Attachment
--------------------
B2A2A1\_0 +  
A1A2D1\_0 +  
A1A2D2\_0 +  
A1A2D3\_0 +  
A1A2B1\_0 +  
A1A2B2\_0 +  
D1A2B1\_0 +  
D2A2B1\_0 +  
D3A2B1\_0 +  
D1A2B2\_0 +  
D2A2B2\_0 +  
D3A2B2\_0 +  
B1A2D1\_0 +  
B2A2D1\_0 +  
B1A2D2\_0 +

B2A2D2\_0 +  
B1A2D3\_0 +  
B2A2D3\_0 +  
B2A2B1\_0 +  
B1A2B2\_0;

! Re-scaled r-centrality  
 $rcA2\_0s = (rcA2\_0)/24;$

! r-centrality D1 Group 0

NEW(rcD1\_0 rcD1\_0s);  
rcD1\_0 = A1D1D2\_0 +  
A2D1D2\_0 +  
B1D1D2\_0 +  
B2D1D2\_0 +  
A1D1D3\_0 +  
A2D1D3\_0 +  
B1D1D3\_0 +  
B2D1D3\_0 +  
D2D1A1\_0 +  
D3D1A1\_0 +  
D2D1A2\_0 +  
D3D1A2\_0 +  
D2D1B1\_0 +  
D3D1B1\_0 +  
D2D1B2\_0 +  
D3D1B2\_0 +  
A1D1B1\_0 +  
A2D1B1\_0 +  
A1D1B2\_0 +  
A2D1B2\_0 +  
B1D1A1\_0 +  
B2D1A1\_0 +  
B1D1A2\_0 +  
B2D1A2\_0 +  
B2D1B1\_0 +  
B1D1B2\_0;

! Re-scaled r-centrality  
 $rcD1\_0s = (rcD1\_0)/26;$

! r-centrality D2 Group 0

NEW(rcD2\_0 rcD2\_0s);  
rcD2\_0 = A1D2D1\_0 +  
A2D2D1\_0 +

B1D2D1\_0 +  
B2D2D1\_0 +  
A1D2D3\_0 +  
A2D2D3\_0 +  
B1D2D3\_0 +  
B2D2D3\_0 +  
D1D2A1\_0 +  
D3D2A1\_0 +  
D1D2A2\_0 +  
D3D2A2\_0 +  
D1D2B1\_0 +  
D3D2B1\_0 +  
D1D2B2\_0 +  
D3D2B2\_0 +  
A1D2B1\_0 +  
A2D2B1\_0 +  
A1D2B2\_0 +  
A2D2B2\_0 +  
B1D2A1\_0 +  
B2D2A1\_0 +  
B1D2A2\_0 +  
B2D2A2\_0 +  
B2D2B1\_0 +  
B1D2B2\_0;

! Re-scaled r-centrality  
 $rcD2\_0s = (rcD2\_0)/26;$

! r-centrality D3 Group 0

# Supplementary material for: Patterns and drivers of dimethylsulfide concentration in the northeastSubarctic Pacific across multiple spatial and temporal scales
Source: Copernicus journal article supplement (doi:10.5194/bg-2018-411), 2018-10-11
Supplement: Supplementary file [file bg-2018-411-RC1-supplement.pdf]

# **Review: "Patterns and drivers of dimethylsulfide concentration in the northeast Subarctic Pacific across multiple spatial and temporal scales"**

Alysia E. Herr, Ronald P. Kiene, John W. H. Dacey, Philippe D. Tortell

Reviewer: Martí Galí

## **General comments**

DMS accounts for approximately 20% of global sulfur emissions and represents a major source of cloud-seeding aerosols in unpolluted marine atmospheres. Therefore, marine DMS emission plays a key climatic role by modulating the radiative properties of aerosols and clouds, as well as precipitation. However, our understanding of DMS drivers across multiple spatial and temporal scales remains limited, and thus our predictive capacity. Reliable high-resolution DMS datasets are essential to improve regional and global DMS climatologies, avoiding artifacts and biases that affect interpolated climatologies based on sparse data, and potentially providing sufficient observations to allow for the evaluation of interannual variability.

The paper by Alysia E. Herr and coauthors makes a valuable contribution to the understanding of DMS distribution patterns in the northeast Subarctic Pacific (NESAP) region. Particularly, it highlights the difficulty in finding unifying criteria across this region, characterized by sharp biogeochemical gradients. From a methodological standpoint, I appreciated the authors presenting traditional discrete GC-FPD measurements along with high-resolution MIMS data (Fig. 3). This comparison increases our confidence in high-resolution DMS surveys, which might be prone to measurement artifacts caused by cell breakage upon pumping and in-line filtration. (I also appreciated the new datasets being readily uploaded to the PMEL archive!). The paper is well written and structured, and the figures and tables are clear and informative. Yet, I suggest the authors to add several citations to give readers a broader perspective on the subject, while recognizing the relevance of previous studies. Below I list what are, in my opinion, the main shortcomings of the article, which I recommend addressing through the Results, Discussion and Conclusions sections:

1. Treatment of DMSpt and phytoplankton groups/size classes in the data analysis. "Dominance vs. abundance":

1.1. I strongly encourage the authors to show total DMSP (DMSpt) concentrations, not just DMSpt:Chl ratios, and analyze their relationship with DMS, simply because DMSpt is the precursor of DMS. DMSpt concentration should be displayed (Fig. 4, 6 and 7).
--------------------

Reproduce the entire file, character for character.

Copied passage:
B2A2A1\_0 +  
A1A2D1\_0 +  
A1A2D2\_0 +  
A1A2D3\_0 +  
A1A2B1\_0 +  
A1A2B2\_0 +  
D1A2B1\_0 +  
D2A2B1\_0 +  
D3A2B1\_0 +  
D1A2B2\_0 +  
D2A2B2\_0 +  
D3A2B2\_0 +  
B1A2D1\_0 +  
B2A2D1\_0 +  
B1A2D2\_0 +

B2A2D2\_0 +  
B1A2D3\_0 +  
B2A2D3\_0 +  
B2A2B1\_0 +  
B1A2B2\_0;

! Re-scaled r-centrality  
 $rcA2\_0s = (rcA2\_0)/24;$

! r-centrality D1 Group 0

NEW(rcD1\_0 rcD1\_0s);  
rcD1\_0 = A1D1D2\_0 +  
A2D1D2\_0 +  
B1D1D2\_0 +  
B2D1D2\_0 +  
A1D1D3\_0 +  
A2D1D3\_0 +  
B1D1D3\_0 +  
B2D1D3\_0 +  
D2D1A1\_0 +  
D3D1A1\_0 +  
D2D1A2\_0 +  
D3D1A2\_0 +  
D2D1B1\_0 +  
D3D1B1\_0 +  
D2D1B2\_0 +  
D3D1B2\_0 +  
A1D1B1\_0 +  
A2D1B1\_0 +  
A1D1B2\_0 +  
A2D1B2\_0 +  
B1D1A1\_0 +  
B2D1A1\_0 +  
B1D1A2\_0 +  
B2D1A2\_0 +  
B2D1B1\_0 +  
B1D1B2\_0;

! Re-scaled r-centrality  
 $rcD1\_0s = (rcD1\_0)/26;$

! r-centrality D2 Group 0

NEW(rcD2\_0 rcD2\_0s);  
rcD2\_0 = A1D2D1\_0 +  
A2D2D1\_0 +

B1D2D1\_0 +  
B2D2D1\_0 +  
A1D2D3\_0 +  
A2D2D3\_0 +  
B1D2D3\_0 +  
B2D2D3\_0 +  
D1D2A1\_0 +  
D3D2A1\_0 +  
D1D2A2\_0 +  
D3D2A2\_0 +  
D1D2B1\_0 +  
D3D2B1\_0 +  
D1D2B2\_0 +  
D3D2B2\_0 +  
A1D2B1\_0 +  
A2D2B1\_0 +  
A1D2B2\_0 +  
A2D2B2\_0 +  
B1D2A1\_0 +  
B2D2A1\_0 +  
B1D2A2\_0 +  
B2D2A2\_0 +  
B2D2B1\_0 +  
B1D2B2\_0;

! Re-scaled r-centrality  
 $rcD2\_0s = (rcD2\_0)/26;$

! r-centrality D3 Group 0

# Supplementary material for: Patterns and drivers of dimethylsulfide concentration in the northeastSubarctic Pacific across multiple spatial and temporal scales
Source: Copernicus journal article supplement (doi:10.5194/bg-2018-411), 2018-10-11
Supplement: Supplementary file [file bg-2018-411-RC1-supplement.pdf]

# **Review: "Patterns and drivers of dimethylsulfide concentration in the northeast Subarctic Pacific across multiple spatial and temporal scales"**

Alysia E. Herr, Ronald P. Kiene, John W. H. Dacey, Philippe D. Tortell

Reviewer: Martí Galí

## **General comments**

DMS accounts for approximately 20% of global sulfur emissions and represents a major source of cloud-seeding aerosols in unpolluted marine atmospheres. Therefore, marine DMS emission plays a key climatic role by modulating the radiative properties of aerosols and clouds, as well as precipitation. However, our understanding of DMS drivers across multiple spatial and temporal scales remains limited, and thus our predictive capacity. Reliable high-resolution DMS datasets are essential to improve regional and global DMS climatologies, avoiding artifacts and biases that affect interpolated climatologies based on sparse data, and potentially providing sufficient observations to allow for the evaluation of interannual variability.

The paper by Alysia E. Herr and coauthors makes a valuable contribution to the understanding of DMS distribution patterns in the northeast Subarctic Pacific (NESAP) region. Particularly, it highlights the difficulty in finding unifying criteria across this region, characterized by sharp biogeochemical gradients. From a methodological standpoint, I appreciated the authors presenting traditional discrete GC-FPD measurements along with high-resolution MIMS data (Fig. 3). This comparison increases our confidence in high-resolution DMS surveys, which might be prone to measurement artifacts caused by cell breakage upon pumping and in-line filtration. (I also appreciated the new datasets being readily uploaded to the PMEL archive!). The paper is well written and structured, and the figures and tables are clear and informative. Yet, I suggest the authors to add several citations to give readers a broader perspective on the subject, while recognizing the relevance of previous studies. Below I list what are, in my opinion, the main shortcomings of the article, which I recommend addressing through the Results, Discussion and Conclusions sections:

1. Treatment of DMSpt and phytoplankton groups/size classes in the data analysis. "Dominance vs. abundance":

1.1. I strongly encourage the authors to show total DMSP (DMSpt) concentrations, not just DMSpt:Chl ratios, and analyze their relationship with DMS, simply because DMSpt is the precursor of DMS. DMSpt concentration should be displayed (Fig. 4, 6 and 7).